It was a time of great change, but not all plans allowed themselves to be disturbed by the war. On Farisle, the quarry was in full motion to get material for the new bridge spanning The river Villran, The architect Odal and the builder Serge were hunched over the plans for the city's most ambitious project so far.
The stonecutters were now a mixed crowd of rough locals and newly arrived job seekers but their core of was still made out of the former prisoners rescued from the ship that ran aground in the inlet many years ago.
Twenty years ago the liberated slaves were given an offer by Almund, who then ruled on The Cliff, to live among the villagers with a promise of being treated as equals no matter their clear branding. Many chose to stay, since their lives outside the small community would consist of a constant fear of persecution and distrust. The question was just how they would support themselves. Some had professions they could return to, and soon mixed with the rest of society. For others it was a more difficult choice. They had all been forced to break stone in a prison camp while waiting for the slave ship that carried them here. This had not been a period that brought happy memories, however there was a clear need for solid building materials in the neighborhood. They decided to become their own masters and continue to build on the skills they had taken from their former oppressors. On that day, the quarry was founded on Farisle.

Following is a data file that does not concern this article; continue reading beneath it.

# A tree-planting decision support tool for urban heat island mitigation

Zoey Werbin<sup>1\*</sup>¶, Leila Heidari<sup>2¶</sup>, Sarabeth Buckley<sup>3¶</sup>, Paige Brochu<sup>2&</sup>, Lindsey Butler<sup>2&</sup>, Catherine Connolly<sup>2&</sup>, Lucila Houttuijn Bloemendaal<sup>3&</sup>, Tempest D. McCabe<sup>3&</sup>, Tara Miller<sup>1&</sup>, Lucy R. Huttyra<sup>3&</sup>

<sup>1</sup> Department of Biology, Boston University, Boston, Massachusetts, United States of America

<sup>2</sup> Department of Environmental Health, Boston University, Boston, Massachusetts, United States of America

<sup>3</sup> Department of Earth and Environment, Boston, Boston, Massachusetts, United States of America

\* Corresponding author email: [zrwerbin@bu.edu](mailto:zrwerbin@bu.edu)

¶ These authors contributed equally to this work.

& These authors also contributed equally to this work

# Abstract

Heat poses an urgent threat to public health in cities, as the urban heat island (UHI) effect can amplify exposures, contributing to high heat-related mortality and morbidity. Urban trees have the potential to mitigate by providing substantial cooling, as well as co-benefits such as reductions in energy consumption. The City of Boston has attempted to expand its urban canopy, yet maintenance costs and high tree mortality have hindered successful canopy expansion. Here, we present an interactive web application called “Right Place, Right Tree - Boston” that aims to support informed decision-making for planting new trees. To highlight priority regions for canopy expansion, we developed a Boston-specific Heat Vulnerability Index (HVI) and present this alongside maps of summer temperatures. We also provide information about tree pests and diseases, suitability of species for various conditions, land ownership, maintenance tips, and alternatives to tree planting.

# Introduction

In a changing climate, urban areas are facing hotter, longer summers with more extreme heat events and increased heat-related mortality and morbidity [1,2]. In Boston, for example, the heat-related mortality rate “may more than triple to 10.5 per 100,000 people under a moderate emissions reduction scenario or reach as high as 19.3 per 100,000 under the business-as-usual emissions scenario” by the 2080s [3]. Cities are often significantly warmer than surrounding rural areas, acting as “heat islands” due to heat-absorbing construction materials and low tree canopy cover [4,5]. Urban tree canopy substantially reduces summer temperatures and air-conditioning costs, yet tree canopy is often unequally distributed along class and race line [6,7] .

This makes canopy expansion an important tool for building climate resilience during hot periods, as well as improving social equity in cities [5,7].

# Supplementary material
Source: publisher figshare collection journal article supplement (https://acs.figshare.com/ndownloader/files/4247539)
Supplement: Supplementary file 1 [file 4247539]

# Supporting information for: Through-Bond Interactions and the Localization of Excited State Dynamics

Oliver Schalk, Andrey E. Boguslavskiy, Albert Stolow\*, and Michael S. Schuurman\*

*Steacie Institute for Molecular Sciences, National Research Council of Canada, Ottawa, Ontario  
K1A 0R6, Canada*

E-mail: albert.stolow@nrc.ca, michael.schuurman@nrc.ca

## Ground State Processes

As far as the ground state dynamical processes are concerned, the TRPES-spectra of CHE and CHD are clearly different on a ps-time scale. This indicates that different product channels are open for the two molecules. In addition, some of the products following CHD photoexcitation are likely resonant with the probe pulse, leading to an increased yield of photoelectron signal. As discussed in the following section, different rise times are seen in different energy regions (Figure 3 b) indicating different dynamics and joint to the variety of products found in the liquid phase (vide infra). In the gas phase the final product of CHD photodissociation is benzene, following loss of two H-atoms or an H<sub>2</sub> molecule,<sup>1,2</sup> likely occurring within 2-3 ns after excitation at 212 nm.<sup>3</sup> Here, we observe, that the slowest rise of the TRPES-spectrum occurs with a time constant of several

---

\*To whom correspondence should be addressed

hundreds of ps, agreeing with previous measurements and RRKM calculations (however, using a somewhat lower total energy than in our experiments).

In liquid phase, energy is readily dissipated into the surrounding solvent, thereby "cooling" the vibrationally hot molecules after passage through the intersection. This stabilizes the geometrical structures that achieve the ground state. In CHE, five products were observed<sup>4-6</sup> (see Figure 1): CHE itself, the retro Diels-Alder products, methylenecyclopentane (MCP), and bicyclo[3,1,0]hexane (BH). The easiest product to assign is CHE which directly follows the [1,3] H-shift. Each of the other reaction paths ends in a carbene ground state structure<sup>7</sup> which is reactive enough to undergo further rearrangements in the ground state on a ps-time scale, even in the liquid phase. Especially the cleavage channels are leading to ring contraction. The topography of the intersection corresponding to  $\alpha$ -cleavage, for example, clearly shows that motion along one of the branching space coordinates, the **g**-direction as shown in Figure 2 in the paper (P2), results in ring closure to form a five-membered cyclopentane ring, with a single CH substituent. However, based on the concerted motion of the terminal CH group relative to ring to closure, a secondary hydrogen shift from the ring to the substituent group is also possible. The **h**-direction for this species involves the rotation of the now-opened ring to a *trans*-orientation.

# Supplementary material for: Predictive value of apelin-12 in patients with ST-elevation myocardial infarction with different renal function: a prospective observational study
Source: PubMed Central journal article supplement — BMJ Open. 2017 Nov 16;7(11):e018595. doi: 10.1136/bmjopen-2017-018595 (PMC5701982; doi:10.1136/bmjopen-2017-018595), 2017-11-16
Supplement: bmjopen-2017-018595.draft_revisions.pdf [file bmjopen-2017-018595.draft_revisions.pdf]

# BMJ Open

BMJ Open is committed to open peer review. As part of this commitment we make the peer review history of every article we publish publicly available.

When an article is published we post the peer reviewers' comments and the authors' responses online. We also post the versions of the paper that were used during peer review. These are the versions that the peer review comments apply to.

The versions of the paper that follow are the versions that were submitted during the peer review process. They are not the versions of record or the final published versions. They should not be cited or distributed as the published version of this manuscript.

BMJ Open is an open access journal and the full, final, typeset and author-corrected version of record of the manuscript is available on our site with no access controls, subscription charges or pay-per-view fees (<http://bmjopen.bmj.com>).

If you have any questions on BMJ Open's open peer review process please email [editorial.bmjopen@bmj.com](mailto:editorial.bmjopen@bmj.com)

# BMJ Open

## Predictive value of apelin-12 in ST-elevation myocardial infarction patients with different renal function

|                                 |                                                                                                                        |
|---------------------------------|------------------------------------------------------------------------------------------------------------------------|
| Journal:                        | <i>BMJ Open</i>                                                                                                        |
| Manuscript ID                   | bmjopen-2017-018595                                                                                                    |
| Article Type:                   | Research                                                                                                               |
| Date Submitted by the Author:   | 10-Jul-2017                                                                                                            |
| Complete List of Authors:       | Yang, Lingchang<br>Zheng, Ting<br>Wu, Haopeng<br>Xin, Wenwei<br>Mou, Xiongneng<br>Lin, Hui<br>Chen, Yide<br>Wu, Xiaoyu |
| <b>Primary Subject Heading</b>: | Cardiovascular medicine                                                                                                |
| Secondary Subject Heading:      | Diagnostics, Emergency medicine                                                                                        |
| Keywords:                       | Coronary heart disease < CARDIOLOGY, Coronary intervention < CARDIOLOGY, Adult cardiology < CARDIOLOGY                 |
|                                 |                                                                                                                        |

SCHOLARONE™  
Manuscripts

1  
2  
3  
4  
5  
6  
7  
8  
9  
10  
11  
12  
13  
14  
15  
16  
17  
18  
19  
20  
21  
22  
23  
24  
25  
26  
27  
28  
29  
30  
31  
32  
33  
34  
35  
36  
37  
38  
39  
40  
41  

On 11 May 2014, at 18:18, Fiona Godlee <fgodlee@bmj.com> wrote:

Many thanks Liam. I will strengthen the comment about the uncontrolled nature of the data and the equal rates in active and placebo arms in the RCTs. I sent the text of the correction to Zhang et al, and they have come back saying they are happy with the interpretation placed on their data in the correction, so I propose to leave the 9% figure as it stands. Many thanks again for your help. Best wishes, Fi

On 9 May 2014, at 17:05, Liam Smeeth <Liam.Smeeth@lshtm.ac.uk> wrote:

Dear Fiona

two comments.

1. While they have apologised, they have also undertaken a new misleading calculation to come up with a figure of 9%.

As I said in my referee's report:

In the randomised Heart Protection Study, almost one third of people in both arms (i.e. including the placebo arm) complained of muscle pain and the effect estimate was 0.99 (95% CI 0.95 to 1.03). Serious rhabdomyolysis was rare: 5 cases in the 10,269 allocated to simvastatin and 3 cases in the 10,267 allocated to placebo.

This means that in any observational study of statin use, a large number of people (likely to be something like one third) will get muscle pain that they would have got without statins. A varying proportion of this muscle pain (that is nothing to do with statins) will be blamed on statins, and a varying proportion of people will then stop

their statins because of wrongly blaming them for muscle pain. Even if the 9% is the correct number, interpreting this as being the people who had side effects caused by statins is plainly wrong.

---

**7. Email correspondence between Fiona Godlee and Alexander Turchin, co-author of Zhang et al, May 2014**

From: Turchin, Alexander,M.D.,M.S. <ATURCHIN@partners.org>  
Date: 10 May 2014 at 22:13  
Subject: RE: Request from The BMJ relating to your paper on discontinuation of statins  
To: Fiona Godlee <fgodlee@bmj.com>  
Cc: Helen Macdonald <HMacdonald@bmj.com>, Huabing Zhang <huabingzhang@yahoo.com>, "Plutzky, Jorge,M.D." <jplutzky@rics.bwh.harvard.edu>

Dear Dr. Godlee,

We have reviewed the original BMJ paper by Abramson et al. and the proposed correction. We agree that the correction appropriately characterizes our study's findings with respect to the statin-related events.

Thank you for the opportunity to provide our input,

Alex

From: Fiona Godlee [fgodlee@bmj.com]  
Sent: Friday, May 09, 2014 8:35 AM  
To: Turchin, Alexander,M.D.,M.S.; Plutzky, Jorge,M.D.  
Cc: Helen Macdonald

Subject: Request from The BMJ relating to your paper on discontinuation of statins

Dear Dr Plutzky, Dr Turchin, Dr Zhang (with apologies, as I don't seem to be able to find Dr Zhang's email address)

At first, the stone had been used for stone foundations and simple chimneys. Then when Leonard Odal an architect from the renowned Eiwigda was invited, the scope changed significantly. Their eyes were opened to what could be achieved by applying geometric sience, and in connection with the construction of the new town hall they gained practical knowledge in a host of fascinating techniques. It gave them a desire for more and many were eager for the construction of the new bridge.
After measuring over a year the beam width of all boats passing through the planed bridge location, the least acceptable gap for the openable part was concluded. If future boat traffic wished to exceed these dimensions, They would have to use one of The Villran's other ocean outlets.
The village had until now been an of shoot and something of a dead end on the trading road that ran along the west coast, travelers were forced to turn around or find a boat that could ferry them on to their final destination. The bridge were hoped to open a land route northeast on to Budlanda. The idea was that traveling traders would see greater profit in visiting the community and its market if there was an open road to continue their travels on. Not to mention overnight accommodation and supply opportunities.
At a more local level, the bridge would also provide easy access to the fertile land along the eastern shore of the river, where land had already been divided up for fields and farms. The future looked bright and the flame of expansion was burning strong.